Review: Cave of Forgotten Dreams (2011)
Werner Herzog's Cave of Forgotten Dreams is an incredible, not-to-be-missed documentary on one of the most beautiful and exciting discoveries ever, the Chauvet cave of France, a time capsule of an art gallery containing over 400 cave paintings of animals, the oldest visual art known, created during Paleolithic times by early humans who shared their valley with Neanderthals.
As a movie fan, I love it, and I think you will, too. As a movie critic, I can say that it is now, and will be, this critic's best film of 2011, and indeed it's my pleasure to report that it's one of the best movies of all time. You need to see it. Your friends and neighbors need to see it. Take the kids, the grandkids or the grandparents. I sincerely ask you to do yourself a favor and find out where it's playing and go there. If it's not playing near you, please contact your nearest theaters capable of playing 3-D movies and demand it in your area. In an ideal world, it would play and play, so that anyone could see it anytime they wanted forever.
I can sympathize with those who might be skeptical that it could be as good as I'm saying. Documentaries are rarely huge box office, and the 3-D surcharge could also keep some away. One might think, "Wouldn't a 3-D documentary be boring and expensive?" Boring, no way. And the 3-D adds so much. Cave of Forgotten Dreams is certainly as good a 3-D movie as How to Train Your Dragon or Toy Story 3. I've looked up and marveled at images from the cave online since seeing the film, and I have to say, it's better in 3-D.
Scientists have determined that around 32,000 years ago, in a cave nestled in a hill near the natural stone arch known as Pont d'Arc, early humans began creating an incredible work of art. They worked on it for 5,000 years. Then, about 20,000 years ago, a cliff collapse closed the entrance to the cave, which remained sealed off from human view and knowledge until 1994, when Jean-Marie Chauvet, for whom the cave is named, and two other explorers, found and uncovered it, allowing it to once again enter human consciousness.
Nature and the animal kingdom have also collaborated with these early humans to create the vision of this priceless jewel box of a cave bear cave now available to be seen by all...in 3-D. The beautiful paintings themselves take advantage of the curvature of the cave walls, so that the 3-D presentation is not a curiosity, but a necessity for the audience to see Chauvet cave very much like its creators would have. Water, minerals and gases seeping through the cave for thousands of years have left a layer of peach-colored calcite over everything, preserving the paintings with a startling clarity, blanketing the cave floor, strewn with preserved animal bones, and creating cascades, curtains, stalactites and stalagmites throughout with their own eerie delicacy and perfection.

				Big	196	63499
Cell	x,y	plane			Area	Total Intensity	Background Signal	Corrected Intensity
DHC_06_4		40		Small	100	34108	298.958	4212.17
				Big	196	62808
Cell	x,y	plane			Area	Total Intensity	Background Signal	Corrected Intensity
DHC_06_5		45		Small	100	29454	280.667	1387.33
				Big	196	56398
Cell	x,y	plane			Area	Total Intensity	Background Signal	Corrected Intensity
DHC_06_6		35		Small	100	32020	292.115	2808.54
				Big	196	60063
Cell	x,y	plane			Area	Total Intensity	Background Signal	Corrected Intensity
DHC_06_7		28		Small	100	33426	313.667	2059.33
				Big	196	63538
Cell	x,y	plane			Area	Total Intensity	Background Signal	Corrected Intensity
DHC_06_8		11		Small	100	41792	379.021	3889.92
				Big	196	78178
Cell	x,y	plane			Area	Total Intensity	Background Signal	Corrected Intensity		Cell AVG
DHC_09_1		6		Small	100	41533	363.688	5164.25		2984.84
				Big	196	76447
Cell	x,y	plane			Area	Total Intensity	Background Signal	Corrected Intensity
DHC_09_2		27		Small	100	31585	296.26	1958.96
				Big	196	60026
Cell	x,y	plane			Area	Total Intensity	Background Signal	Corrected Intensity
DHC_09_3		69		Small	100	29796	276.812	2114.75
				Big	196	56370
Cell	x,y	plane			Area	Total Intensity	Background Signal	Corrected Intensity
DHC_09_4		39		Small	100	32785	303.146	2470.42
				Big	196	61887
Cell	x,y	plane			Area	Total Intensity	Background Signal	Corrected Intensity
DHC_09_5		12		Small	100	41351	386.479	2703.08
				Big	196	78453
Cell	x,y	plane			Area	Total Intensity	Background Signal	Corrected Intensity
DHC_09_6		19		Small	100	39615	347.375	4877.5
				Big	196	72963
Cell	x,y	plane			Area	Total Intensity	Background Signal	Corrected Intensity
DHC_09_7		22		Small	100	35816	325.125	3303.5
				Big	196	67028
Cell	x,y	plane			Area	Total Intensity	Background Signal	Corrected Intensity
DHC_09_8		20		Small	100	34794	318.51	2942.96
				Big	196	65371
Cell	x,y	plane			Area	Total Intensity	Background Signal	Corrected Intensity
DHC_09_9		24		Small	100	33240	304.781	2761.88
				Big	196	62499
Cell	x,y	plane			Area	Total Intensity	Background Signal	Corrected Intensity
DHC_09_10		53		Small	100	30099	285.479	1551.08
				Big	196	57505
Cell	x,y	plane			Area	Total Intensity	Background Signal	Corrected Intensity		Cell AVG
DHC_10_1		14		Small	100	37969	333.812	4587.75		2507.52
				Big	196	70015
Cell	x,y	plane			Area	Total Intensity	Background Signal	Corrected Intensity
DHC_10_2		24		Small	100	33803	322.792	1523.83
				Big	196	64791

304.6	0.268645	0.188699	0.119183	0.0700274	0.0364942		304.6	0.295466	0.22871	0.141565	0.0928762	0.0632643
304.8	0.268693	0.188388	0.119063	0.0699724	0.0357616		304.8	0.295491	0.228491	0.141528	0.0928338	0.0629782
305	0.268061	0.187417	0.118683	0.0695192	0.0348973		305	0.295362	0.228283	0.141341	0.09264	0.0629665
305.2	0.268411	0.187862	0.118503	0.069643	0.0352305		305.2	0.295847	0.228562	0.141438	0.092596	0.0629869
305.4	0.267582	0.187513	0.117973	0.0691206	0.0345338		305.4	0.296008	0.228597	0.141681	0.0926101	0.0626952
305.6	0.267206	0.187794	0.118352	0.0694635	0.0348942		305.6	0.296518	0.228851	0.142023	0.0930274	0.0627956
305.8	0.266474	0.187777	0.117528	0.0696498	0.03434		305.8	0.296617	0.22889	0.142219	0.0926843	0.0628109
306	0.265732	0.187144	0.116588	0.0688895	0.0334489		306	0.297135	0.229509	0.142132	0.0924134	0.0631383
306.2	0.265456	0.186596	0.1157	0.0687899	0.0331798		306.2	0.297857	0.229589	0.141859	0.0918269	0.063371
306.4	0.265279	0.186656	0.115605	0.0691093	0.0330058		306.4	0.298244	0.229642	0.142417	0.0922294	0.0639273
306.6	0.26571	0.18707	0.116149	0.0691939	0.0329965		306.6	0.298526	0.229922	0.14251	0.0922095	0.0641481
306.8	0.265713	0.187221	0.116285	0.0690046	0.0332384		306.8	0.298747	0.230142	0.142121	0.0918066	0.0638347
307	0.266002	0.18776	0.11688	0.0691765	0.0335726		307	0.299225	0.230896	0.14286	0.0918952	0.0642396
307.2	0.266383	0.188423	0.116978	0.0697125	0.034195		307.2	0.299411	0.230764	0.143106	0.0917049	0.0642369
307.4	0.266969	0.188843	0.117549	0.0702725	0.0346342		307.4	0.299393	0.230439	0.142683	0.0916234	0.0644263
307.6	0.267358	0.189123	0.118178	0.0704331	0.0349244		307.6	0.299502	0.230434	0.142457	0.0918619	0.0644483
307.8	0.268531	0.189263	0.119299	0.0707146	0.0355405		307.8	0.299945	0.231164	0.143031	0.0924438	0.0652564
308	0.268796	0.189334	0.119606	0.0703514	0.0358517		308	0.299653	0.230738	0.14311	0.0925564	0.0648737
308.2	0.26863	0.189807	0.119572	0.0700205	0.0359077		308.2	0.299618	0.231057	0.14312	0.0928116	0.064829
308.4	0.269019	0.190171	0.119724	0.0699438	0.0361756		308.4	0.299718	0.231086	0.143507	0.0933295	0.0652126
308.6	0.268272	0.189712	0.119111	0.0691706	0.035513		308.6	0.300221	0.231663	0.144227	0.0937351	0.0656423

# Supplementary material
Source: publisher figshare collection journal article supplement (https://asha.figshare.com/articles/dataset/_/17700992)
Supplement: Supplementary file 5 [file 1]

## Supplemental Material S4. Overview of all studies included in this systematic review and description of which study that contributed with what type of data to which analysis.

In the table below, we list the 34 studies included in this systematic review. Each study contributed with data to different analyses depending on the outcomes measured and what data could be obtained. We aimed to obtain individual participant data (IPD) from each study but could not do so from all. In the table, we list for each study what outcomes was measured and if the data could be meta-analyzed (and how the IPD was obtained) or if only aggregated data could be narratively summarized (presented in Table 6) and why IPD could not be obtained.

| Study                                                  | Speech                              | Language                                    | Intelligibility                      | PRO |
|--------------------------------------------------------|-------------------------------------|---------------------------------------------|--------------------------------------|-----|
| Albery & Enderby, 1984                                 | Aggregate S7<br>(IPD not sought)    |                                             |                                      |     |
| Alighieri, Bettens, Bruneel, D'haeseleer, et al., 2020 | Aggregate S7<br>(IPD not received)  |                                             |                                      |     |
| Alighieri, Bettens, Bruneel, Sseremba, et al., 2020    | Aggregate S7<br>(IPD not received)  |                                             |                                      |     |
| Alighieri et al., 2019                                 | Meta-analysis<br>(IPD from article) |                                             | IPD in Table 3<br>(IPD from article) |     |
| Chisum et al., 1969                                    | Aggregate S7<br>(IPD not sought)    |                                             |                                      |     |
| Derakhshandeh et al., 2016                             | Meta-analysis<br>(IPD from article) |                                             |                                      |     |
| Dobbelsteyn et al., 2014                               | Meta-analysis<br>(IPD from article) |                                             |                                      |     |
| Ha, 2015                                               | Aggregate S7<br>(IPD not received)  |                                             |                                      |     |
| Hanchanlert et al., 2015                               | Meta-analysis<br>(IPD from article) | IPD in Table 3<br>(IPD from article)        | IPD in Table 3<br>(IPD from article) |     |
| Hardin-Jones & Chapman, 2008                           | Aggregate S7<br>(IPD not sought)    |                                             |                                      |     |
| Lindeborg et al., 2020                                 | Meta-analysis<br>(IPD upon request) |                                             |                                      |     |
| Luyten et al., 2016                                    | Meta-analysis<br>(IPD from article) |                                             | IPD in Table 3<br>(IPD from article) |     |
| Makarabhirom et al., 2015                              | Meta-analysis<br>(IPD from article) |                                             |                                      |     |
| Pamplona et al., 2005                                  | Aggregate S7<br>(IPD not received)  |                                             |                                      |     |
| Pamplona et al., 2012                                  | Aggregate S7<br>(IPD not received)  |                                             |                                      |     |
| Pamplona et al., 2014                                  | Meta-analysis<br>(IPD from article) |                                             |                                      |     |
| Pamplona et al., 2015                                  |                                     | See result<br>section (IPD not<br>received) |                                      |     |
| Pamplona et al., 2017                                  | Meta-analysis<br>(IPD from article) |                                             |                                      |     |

But the beauty and intrinsic value of the cave and its contents are not all that makes Cave of Forgotten Dreams a masterpiece of incalculable importance. In many ways, this movie is a culmination of filmmaking, a genuine meeting of subject, medium and execution which provides unanticipated reasons the development of filmmaking and 3-D technology took place. The playful, almost off-hand way Herzog has put together images of the cave and its surroundings with experts who can put it all in context make both a fascinating document and a high-level artistic statement beyond a simple trip to an ancient art gallery (which is exciting enough!).
Herzog himself, one of our greatest filmmakers, narrates the film with a sense of seriousness mixed with wonder and whimsy suited to the task. He also served as one of the small crew allowed to film inside the cave. A humorous and confounding postscript side trip provides somewhat random but ultimately illuminating juxtapositions, contradictions and questions, and more stark beauty.
Then there's the music. Herzog, in the beginning of the film, makes some seemingly hyperbolic claims for the cave and its implications for art history and culture, as well as geology, anthropology, religion, zoology, and more, which create an automatic urge to scoff and doubt, until we see the stunning cave itself and conclude that his statements are, first, true, and second, modest. The original music, by Ernst Reijseger, works in a similar way, starting out with some relatively over-the-top and familiar tricks for evoking feelings of discovery and grandeur, then piling these on top of each other as we begin to believe. As a result, while the score constantly calls attention to itself, it also points back at the walls of the cave, so that while it is distracting at times, it also unifies with, accompanies and complements the images in a powerfully satisfying way.
Cave of Forgotten Dreams is the best view possible of the amazing Chauvet cave. Very few people will ever get to go inside and see it in person. So go and see it, and get a good look. It's hard to feel I could do a film this great justice with this short review, but I've seen it twice, and chances are good that even while you may be finishing up reading this, I may again be descending Cave of Forgotten Dreams, torch high, eyes popping. It is a rare beauty, in fact, one of the rarest. Do not miss out.
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